My arrival on Saturday 18/04/09 coincided with the end of the New Year, with the project being closed until the following Tuesday. This gave me some time to acquaint myself with the town and the volunteers. The town itself is one of my least favourite places I have been. It has nice beaches but is catered solely for tourists, as well as being plagued with a sex tourism problem the extent of which I had not seen before. Luckily for us this particular local attraction is concentrated largely in a different part of town, and although we have been witnesses to some such behaviour, our location is certainly in a part of town more geared towards partying travellers and NGO workers. The volunteers, and other local expats doing various charity work and running local businesses, are a completely different proposition, and I have never made so many good friends in such a short time before, and I am sure that I will stay in contact with all of them. Indeed, plans are already in motion for reunions in Bangkok, Amsterdam, London and even Africa.
Aside from the daily volunteering itself, there have been several other highlights of my time here. Firstly, the nightly open mic session down on the beach which have become a weekly ritual of music and Mekong buckets. Secondly, a visit from Miss Rowan Chambers and friends that resulted in two very messy nights, the first of which ended at 5am with us having spent several hours swimming fully clothed in the Gulf of Thailand. Thirdly, an annual fundraising exhibition of paintings at a local hotel, a fantastic night soured only by the fact that a very inconvenient monsoon downpour severely limited the people in attendance and the money actually raised. Lastly, me going to the casino and winning $100. That wasn't really a highlight, I was just really happy about it.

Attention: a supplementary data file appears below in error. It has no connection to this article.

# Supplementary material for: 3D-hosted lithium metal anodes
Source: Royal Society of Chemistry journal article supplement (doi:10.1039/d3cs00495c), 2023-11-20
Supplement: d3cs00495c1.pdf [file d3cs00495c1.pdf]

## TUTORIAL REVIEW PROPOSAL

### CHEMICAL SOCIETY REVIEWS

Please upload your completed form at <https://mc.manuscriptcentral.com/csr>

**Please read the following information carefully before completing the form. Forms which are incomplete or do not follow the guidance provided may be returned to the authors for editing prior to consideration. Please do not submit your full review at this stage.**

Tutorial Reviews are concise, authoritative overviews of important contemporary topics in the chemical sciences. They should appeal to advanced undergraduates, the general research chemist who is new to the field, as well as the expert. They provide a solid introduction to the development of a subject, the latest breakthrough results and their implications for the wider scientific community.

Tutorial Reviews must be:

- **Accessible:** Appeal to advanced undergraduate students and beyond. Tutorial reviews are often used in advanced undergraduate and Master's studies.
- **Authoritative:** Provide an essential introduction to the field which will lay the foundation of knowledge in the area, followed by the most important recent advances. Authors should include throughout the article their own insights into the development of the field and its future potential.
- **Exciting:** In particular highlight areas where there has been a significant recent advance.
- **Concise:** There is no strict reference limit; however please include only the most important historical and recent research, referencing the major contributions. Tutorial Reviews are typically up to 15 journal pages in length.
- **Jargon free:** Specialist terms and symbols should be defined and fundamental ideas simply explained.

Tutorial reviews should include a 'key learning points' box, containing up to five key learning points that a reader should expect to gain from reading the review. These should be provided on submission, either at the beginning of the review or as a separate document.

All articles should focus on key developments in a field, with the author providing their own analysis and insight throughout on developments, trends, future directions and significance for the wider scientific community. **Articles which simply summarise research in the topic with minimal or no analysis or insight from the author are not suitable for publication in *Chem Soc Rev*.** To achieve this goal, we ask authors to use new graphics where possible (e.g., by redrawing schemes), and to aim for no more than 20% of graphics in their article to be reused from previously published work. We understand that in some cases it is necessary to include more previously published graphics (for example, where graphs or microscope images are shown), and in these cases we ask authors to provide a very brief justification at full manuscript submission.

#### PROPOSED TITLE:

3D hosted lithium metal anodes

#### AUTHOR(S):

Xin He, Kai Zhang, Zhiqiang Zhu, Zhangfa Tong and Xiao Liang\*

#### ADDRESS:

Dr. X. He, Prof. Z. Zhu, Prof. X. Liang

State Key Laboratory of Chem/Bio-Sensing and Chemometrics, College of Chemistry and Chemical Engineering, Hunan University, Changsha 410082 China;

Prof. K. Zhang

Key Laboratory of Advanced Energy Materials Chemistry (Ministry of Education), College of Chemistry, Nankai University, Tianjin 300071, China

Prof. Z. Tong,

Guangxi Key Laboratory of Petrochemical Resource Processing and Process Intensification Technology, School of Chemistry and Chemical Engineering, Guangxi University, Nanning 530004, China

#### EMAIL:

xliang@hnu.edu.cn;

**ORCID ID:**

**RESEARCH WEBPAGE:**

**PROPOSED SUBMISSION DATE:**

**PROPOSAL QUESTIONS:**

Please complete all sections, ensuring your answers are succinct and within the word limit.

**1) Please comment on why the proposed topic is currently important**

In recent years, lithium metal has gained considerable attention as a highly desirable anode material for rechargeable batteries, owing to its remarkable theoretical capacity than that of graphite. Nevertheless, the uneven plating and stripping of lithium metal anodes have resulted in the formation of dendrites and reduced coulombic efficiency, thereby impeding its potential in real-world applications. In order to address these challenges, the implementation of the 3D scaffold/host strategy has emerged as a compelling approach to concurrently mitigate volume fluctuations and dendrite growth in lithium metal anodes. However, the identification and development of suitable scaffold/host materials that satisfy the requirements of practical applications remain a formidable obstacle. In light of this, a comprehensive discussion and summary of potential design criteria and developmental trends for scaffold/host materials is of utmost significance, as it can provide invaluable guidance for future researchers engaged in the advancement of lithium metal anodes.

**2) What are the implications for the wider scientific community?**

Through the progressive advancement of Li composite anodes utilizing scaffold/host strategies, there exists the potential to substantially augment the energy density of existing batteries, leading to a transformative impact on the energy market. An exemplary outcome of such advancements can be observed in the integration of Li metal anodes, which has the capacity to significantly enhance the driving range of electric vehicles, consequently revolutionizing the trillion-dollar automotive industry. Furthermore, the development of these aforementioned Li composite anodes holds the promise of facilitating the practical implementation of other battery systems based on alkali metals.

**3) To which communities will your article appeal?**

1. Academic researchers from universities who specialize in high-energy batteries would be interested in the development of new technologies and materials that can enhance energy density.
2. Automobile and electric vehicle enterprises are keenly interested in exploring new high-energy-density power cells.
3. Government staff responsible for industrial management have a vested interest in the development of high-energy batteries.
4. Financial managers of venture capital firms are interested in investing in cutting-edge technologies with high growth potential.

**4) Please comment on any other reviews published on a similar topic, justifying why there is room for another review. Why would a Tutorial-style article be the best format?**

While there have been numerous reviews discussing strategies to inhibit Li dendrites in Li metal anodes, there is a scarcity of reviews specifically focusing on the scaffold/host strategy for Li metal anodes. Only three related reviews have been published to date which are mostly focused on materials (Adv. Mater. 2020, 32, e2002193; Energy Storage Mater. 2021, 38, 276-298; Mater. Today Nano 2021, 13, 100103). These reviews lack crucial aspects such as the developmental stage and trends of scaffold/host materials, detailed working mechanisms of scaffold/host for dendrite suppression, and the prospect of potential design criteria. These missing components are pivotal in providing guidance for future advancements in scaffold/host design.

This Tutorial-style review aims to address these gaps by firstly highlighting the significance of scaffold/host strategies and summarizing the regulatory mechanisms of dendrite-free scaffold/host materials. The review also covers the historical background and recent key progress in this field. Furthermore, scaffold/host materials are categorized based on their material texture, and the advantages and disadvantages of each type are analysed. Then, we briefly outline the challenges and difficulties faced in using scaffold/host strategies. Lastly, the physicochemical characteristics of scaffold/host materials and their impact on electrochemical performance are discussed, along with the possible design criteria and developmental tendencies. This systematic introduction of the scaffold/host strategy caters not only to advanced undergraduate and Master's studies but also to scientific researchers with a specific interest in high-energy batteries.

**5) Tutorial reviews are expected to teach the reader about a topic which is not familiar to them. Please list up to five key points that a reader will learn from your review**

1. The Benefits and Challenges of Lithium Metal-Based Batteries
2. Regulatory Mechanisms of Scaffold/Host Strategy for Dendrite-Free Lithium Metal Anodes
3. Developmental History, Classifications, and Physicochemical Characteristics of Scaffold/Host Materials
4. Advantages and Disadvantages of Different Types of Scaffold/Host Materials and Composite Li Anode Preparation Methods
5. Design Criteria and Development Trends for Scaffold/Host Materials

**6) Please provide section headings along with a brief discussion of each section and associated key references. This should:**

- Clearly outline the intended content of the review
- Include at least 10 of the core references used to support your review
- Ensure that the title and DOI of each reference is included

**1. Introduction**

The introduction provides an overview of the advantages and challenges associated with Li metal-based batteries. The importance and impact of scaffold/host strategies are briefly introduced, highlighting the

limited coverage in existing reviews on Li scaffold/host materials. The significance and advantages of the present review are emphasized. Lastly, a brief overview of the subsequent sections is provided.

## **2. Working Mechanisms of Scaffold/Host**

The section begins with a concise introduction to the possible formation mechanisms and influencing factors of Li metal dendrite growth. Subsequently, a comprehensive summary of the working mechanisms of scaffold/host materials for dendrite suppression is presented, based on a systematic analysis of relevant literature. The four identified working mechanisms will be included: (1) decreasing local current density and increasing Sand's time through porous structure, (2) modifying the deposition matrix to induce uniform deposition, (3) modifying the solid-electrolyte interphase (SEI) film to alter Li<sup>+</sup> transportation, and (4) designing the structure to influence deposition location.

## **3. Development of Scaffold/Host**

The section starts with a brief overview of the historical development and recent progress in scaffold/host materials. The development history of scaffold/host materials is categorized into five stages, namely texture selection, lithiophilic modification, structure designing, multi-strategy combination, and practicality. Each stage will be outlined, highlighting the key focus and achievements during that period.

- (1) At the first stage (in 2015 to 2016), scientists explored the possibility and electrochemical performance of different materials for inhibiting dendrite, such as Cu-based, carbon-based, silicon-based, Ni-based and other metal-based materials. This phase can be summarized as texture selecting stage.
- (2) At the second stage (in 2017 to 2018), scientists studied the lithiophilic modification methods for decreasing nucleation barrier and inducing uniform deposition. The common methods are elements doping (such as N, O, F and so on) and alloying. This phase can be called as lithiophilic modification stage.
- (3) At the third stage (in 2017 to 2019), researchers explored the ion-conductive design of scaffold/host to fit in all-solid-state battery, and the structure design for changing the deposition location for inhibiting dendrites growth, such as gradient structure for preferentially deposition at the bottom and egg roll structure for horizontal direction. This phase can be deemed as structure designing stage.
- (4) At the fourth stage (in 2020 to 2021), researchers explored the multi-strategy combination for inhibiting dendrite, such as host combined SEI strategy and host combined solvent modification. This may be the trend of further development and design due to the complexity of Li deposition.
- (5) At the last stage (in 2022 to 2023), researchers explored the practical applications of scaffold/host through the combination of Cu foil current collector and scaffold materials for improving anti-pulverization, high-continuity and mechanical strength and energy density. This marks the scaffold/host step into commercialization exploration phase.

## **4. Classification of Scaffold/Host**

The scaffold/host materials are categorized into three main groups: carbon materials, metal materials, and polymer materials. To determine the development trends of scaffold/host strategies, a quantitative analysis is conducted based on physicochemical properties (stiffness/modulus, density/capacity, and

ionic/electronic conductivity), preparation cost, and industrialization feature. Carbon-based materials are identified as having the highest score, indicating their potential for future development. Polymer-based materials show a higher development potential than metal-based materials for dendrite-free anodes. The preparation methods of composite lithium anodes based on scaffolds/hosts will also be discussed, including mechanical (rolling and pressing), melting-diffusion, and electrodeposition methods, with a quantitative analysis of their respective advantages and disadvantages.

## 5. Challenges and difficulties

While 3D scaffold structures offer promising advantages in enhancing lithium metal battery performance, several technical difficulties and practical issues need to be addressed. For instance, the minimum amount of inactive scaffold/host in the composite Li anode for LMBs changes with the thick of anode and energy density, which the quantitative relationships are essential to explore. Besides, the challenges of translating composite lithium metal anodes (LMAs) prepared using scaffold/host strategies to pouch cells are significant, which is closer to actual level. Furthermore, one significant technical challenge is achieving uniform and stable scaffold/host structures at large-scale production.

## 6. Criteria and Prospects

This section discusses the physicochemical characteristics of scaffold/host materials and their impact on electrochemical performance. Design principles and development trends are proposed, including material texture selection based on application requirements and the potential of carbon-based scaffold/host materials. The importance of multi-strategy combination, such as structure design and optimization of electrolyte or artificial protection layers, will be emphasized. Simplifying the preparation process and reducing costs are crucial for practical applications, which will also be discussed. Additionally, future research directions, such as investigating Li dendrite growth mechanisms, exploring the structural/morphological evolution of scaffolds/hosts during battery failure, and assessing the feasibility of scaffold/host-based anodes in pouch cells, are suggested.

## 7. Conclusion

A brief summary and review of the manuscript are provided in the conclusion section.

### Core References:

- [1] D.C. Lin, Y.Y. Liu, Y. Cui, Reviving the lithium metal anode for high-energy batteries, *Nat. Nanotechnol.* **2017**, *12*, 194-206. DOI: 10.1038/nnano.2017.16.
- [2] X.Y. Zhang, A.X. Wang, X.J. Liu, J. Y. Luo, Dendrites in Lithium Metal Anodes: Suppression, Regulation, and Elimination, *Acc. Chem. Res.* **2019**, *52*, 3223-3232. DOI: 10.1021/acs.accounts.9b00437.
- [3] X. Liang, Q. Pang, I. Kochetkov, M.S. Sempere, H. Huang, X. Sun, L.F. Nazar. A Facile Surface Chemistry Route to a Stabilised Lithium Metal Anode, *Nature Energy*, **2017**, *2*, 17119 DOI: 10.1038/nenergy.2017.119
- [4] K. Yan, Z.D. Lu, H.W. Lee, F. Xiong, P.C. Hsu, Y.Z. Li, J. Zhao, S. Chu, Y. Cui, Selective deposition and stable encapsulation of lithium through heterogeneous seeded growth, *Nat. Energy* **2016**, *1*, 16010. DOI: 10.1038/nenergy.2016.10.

So I officially have 5 more days here before I am supposed to leave, but am planning on staying probably until the following Wednesday. I am in the process of uploading some photos from the project that represents an average day, photos from the exhibition and other nights of debauchery are on other peoples' cameras and will probably be uploaded onto Facebook in due course for anyone that is interested. There has also been significant change in my travel plans. I have cancelled my tour in Thailand and am going it alone. I will first grab a cheap flight to Kuala Lumpur before making my way north through Malaysia and into South Thailand, working my way north through Chang Mai and then into Laos, before heading south through Laos and back down to Bangkok. I will try and be more efficient in my blog entries during this time.